The Greenwood Military Aviation Museum is the first-class museum it is today because of the hard work of its society, staff and volunteers, coupled with valuable support from local businesses and individuals. Billy and Nathan Deveau of Future Glass and Mirror exemplify that local support in their generous provision of Lexan and Plexiglas required in the museum’s complex Bolingbroke aircraft nose restoration. Presenting Billy Deveau, centre, with a framed image of the finished Bolingbroke nose is restoration project leader Dan Daigle, left; while museum society president Brian Handley offered thanks and appreciation on behalf of the museum. .
BOLINGBROKE 9997 MARK IVT
Celebrating our 25th Anniversary
Bolingbroke Restoration update.......some great progress on the major repair to the underside port wing. The trailing rib tips were completely rebuilt; the flap was reskinned; five ribs were repaired and two new panels riveted in place. Work continues on the leading edge, access panels and fuel cell cover.
The Canadian Bolingbroke was licensed from Bristol Aeroplane Company of England, known there as the Blenheim. More than 600 Bolingbrokes of various marks were built in Canada, at Longueil, Quebec, and used in the early days of WW II as light bombers/fighters and later as trainers and target tugs. Canadian specifications required de-icing boots on the wing leading edges for the harsh Canadian winters, larger fuel tanks for greater range, a dinghy for water survival, American/Canadian instruments, and a 3-feet extension to the nose to house a bombardier. The latter modification required two large slanting windows and a scooped out section in front of the pilot to aid his vision during take-off and landing, giving the Bolingbroke its distinctive nose section.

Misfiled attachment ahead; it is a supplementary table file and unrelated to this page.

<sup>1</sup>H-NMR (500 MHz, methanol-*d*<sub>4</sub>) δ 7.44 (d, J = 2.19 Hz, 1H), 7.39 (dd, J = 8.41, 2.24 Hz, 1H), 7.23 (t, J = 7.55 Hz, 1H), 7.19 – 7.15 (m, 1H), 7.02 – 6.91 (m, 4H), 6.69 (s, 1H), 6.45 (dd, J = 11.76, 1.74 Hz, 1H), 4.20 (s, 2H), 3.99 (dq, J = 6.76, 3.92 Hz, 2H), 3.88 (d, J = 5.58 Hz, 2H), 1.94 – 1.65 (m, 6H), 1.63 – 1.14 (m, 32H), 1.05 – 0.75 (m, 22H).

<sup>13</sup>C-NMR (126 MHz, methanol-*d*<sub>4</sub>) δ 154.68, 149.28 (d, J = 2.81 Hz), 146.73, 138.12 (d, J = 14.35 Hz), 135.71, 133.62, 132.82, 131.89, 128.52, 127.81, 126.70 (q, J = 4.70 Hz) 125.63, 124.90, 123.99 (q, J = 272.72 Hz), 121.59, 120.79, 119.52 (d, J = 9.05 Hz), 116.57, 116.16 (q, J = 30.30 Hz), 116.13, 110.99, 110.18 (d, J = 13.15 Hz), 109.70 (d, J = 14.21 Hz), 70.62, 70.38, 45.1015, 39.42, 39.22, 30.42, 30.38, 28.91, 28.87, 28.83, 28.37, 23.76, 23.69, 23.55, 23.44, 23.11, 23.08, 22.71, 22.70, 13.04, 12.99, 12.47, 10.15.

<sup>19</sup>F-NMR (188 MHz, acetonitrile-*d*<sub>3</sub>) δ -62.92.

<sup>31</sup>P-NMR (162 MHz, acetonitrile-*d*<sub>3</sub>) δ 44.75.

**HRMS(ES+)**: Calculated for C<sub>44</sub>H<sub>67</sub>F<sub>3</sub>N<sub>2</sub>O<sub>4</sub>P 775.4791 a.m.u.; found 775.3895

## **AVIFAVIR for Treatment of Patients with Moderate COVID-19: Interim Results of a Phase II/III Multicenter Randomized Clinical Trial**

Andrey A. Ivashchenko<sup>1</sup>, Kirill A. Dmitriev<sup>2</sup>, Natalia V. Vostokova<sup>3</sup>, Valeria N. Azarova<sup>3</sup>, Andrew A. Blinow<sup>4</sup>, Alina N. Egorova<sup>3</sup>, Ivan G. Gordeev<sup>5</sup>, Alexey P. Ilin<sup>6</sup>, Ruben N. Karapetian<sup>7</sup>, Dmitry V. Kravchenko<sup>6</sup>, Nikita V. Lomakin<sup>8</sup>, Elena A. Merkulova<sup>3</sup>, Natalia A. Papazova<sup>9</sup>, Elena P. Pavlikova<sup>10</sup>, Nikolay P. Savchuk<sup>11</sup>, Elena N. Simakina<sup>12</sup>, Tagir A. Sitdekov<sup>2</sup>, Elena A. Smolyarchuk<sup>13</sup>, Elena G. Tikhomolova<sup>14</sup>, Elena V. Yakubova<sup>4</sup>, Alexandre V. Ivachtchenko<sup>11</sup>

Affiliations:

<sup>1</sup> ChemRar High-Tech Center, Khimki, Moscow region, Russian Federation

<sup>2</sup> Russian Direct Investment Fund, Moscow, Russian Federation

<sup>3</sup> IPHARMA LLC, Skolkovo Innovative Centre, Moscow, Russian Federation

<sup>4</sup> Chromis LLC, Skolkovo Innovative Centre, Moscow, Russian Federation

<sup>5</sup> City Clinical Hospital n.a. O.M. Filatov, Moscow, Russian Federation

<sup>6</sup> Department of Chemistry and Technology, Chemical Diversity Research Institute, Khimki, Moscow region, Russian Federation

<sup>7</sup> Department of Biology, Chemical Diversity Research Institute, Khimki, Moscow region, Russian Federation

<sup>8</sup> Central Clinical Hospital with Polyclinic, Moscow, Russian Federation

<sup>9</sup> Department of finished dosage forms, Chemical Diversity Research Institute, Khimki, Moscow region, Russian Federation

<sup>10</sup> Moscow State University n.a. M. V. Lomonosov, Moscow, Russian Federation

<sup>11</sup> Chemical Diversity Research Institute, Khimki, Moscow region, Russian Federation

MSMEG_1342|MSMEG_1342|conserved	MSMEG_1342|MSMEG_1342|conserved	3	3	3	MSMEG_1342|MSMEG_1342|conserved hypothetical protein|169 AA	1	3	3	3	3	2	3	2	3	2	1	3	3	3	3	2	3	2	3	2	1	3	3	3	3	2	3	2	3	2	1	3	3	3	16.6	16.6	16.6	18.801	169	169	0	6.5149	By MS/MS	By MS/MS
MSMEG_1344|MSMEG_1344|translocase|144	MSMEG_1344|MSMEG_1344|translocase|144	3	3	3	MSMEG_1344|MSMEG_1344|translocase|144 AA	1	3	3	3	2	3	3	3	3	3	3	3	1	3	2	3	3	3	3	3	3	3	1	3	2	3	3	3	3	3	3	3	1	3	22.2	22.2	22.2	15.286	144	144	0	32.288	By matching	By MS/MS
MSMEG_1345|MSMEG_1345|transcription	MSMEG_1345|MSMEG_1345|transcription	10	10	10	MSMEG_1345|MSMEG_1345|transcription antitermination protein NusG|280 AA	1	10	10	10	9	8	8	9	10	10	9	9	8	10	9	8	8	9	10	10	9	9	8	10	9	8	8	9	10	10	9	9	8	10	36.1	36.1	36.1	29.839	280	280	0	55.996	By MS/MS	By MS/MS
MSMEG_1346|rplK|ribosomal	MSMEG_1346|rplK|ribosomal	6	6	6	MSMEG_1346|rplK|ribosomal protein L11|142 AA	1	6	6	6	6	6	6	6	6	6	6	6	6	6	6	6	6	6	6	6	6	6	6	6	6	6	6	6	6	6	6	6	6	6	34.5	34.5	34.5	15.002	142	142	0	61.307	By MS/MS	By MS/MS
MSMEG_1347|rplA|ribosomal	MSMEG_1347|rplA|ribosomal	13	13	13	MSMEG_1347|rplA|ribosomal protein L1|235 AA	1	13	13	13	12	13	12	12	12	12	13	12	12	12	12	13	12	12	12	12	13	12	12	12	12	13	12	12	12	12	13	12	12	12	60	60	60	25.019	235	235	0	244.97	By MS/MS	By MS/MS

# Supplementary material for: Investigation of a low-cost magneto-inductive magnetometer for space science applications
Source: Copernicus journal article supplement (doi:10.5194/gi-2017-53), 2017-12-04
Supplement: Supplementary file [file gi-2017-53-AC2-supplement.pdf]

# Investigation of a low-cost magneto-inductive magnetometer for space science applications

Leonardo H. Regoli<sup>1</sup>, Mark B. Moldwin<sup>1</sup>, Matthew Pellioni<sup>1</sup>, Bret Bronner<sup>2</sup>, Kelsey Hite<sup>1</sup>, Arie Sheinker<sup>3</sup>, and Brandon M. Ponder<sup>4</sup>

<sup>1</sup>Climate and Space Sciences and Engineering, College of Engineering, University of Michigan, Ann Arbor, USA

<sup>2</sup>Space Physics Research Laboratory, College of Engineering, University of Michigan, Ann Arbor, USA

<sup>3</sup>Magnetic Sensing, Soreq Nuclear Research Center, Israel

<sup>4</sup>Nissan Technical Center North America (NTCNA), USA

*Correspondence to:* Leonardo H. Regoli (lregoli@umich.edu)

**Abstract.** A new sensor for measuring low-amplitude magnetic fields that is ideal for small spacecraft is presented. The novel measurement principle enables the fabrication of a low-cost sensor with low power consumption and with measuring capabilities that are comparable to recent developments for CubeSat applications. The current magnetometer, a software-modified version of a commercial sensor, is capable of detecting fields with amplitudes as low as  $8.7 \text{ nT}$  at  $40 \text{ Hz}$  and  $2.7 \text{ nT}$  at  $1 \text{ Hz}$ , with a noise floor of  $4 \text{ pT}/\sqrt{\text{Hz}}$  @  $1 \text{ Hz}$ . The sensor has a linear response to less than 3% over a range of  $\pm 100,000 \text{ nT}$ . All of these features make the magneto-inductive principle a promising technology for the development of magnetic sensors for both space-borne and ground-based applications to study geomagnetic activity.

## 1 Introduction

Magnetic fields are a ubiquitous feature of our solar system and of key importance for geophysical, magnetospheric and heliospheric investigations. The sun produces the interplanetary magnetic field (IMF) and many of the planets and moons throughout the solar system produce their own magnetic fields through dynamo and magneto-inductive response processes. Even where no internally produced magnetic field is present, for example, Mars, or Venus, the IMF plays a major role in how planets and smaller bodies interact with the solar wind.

Many of these bomber versions were operated in western Canada and in the Aleutians against the Japanese threat in the early 1940‘s. In eastern Canada, the aircraft were used in submarine hunting and maritime reconnaissance. At Greenwood, bombardiers as part of the British Commonwealth Air Training Plan and, later, as target tugs pulling drogues for Mosquito and Hurricane pilot and gunnery training.
The first all-metal, stressed-aluminum panel aircraft built in Canada, the Bolingbroke also was one of the first to incorporate variable-pitch propellers and retractable landing gear. With its versatility, the aircraft evolved into one of the first multi-role platforms available.
The Museum’s aircraft is a Mark IV-T (Trainer) version, registered as number 9997. Bolingbroke 9997 was donated to the GMAM by the Reynolds family, initiators of the Reynolds-Alberta Museum in Wetaskiwin, Alberta. The aircraft had spent a long period in a farmer’s field near Dauphin, Manitoba and was difficult to remove. Finally brought to Greenwood in the fall of 2009, the Boly has begun its long restoration for static display.
Bolingbroke Arrives At The Museum